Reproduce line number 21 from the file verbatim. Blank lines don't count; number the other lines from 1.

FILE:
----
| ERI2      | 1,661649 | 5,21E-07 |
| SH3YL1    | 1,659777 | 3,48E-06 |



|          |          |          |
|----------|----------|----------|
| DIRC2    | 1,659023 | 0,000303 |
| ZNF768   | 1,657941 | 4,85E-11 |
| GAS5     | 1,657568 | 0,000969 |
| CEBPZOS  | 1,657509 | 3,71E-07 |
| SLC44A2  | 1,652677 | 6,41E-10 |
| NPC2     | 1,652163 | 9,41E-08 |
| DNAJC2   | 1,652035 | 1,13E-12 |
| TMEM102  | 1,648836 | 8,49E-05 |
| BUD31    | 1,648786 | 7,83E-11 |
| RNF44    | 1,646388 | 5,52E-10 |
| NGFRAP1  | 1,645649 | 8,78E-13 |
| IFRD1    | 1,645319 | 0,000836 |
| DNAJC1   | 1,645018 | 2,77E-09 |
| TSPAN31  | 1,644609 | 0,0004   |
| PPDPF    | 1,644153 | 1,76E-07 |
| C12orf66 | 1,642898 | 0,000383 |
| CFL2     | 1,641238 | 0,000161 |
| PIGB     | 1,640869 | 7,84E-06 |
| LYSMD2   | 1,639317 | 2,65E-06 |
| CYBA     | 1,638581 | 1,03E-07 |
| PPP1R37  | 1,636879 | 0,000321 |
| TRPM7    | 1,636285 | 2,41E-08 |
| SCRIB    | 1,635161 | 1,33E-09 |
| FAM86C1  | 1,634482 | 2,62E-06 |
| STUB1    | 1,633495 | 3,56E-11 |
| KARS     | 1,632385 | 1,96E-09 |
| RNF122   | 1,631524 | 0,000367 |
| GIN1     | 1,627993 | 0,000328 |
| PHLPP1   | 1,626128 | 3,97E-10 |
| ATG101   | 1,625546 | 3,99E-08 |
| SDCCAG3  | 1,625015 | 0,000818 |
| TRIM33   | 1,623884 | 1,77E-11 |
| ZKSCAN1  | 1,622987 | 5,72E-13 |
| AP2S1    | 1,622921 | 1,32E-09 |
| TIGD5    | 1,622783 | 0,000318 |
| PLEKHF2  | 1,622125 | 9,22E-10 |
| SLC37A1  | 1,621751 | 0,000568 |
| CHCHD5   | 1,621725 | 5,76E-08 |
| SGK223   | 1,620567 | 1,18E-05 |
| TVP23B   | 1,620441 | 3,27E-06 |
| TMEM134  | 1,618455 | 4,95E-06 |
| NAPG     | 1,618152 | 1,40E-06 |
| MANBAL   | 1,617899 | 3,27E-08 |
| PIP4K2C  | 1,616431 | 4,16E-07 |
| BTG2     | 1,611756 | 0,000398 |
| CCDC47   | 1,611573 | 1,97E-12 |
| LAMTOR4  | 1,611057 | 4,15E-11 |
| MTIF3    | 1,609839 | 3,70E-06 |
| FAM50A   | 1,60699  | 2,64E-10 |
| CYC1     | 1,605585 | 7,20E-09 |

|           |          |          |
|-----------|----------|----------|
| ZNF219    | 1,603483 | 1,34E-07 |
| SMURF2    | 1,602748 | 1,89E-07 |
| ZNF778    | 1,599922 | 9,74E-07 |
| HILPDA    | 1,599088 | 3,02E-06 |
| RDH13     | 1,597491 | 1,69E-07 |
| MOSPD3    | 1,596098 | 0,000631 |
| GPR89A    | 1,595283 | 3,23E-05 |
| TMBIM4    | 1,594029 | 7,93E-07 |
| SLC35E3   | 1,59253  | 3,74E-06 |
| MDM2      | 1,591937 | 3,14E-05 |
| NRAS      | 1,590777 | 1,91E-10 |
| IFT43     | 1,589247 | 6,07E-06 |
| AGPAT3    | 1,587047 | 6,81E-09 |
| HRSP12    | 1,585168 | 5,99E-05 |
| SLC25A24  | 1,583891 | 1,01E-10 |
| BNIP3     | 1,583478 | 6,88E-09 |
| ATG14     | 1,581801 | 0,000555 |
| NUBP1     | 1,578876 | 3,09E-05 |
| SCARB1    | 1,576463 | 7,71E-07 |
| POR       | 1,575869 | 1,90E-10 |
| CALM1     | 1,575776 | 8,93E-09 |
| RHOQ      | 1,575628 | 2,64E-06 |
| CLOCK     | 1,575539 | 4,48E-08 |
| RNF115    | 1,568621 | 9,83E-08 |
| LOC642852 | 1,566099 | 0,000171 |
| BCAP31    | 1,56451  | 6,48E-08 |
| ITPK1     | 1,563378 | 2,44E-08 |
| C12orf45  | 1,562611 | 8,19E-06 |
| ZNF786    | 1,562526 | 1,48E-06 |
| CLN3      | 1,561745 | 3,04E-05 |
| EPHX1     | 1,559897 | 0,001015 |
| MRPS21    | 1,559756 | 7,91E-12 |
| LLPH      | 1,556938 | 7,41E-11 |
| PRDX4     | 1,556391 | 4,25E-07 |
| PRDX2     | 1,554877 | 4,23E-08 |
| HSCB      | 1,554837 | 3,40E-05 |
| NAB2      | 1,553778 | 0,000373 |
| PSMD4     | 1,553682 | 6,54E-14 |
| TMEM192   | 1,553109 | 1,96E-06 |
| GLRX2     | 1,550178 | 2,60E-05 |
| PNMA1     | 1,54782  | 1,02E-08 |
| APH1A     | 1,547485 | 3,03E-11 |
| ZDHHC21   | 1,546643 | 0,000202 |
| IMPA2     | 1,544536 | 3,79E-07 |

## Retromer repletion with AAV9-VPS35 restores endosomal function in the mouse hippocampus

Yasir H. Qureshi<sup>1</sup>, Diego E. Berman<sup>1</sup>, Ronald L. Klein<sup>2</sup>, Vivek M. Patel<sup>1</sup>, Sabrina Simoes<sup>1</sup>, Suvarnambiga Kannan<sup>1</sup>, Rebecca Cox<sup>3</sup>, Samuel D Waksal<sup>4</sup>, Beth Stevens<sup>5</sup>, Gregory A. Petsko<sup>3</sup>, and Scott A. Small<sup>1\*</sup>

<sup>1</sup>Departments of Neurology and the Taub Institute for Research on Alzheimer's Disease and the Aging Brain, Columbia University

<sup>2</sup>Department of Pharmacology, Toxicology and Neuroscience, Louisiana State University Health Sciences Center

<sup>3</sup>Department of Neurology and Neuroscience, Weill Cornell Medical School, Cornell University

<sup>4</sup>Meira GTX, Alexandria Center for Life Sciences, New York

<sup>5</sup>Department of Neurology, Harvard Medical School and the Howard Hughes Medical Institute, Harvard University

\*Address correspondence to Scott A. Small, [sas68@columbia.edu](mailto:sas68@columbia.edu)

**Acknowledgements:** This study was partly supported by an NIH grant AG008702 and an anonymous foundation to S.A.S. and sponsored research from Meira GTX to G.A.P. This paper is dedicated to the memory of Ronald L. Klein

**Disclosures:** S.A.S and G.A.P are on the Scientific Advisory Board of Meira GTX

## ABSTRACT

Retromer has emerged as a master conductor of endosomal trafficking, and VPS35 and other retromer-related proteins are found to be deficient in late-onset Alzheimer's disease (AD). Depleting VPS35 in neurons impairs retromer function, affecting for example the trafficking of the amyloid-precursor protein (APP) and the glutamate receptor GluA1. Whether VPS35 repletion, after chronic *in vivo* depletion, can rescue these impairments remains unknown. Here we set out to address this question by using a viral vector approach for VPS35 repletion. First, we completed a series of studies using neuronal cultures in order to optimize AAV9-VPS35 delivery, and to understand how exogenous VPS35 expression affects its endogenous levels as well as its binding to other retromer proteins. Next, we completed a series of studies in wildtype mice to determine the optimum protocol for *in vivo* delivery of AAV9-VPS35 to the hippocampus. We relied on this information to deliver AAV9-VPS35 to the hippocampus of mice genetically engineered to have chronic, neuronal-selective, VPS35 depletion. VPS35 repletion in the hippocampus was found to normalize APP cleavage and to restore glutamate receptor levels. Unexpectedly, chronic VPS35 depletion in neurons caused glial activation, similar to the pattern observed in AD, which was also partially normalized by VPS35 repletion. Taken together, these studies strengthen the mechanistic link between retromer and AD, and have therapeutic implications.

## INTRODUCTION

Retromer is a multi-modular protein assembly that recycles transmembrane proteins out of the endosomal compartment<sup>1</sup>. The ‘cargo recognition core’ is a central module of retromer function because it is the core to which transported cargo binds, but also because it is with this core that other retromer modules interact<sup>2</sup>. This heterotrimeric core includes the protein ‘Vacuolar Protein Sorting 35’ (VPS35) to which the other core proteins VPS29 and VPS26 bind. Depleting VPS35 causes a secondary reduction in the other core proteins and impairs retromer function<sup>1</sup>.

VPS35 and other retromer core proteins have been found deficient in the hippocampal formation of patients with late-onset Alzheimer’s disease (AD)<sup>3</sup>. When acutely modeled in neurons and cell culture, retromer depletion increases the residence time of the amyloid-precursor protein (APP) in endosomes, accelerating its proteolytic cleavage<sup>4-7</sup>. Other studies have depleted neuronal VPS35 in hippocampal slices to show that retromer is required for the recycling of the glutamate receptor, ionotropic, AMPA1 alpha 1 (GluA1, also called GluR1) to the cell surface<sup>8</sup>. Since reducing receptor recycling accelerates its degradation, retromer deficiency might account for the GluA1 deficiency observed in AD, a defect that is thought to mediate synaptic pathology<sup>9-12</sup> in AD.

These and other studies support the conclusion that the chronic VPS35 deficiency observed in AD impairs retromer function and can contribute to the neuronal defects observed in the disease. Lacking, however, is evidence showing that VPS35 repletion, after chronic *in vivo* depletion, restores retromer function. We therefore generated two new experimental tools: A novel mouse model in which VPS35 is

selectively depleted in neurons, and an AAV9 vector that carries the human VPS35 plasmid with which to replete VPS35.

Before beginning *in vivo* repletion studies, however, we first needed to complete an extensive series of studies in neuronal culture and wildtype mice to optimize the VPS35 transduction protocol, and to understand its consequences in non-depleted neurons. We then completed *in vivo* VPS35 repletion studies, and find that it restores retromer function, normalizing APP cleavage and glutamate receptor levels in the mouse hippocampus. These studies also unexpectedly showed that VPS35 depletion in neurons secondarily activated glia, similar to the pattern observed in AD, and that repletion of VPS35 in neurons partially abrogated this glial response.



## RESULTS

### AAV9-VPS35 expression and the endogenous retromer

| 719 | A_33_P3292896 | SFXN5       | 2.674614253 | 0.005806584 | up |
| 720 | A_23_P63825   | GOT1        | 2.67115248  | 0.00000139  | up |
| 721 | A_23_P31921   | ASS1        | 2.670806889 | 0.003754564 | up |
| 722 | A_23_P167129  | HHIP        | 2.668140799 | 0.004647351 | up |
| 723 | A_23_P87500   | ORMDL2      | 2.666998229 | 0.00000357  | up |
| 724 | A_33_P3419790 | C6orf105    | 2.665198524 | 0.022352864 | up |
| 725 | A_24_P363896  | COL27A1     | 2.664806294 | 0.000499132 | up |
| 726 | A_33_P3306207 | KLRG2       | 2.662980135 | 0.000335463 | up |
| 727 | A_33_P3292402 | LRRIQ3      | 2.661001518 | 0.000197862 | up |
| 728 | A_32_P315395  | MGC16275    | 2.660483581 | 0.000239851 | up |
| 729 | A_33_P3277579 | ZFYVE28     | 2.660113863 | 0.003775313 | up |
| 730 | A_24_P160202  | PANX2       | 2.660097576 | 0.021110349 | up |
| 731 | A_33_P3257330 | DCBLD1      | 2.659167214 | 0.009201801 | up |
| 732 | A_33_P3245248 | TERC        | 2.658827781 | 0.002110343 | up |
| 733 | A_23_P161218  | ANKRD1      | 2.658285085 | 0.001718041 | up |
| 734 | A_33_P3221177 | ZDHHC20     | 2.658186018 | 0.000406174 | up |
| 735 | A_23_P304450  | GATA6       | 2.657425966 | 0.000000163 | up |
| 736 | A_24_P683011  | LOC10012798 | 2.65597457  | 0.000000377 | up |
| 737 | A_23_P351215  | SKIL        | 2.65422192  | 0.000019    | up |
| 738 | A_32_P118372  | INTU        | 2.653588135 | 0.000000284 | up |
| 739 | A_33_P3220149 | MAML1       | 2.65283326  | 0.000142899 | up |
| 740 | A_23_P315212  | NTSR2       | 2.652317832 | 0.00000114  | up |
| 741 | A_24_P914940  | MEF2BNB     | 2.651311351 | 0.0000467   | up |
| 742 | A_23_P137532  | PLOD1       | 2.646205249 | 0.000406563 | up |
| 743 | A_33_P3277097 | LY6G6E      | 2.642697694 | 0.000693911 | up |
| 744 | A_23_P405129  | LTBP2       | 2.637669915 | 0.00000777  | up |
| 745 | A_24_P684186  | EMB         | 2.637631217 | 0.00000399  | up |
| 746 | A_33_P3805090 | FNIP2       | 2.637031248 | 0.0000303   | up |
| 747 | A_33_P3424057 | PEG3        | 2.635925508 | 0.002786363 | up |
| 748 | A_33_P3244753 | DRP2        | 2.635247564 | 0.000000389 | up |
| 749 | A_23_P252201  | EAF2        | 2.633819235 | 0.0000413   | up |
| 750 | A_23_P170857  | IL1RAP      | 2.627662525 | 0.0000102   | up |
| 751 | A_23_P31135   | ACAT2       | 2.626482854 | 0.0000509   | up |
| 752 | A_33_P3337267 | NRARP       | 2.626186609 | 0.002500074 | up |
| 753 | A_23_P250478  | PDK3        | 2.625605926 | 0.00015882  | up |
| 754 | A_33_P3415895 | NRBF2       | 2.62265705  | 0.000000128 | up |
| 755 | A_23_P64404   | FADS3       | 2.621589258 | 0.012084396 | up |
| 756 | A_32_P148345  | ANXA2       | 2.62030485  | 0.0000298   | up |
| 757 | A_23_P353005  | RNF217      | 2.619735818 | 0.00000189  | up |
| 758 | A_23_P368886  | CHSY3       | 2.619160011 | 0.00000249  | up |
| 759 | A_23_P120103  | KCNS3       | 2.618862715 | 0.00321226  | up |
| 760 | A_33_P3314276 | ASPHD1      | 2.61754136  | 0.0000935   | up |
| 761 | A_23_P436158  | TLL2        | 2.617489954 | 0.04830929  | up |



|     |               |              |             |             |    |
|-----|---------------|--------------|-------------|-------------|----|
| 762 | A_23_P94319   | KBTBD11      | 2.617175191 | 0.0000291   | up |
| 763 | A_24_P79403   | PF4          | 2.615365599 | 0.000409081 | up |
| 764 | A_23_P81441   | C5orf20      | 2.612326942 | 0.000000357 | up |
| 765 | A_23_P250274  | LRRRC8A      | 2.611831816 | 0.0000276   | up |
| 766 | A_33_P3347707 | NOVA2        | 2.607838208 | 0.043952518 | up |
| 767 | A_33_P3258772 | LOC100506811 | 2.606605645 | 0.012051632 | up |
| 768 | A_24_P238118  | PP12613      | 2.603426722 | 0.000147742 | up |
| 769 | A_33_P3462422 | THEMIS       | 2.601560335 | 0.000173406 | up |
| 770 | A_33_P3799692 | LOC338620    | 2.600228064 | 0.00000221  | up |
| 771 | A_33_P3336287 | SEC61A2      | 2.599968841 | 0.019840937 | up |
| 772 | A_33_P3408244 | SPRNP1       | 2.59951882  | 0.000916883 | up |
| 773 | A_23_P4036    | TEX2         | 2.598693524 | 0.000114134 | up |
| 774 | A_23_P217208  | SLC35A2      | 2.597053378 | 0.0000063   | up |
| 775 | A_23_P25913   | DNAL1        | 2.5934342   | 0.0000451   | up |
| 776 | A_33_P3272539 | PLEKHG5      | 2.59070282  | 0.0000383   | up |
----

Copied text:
| CFL2     | 1,641238 | 0,000161 |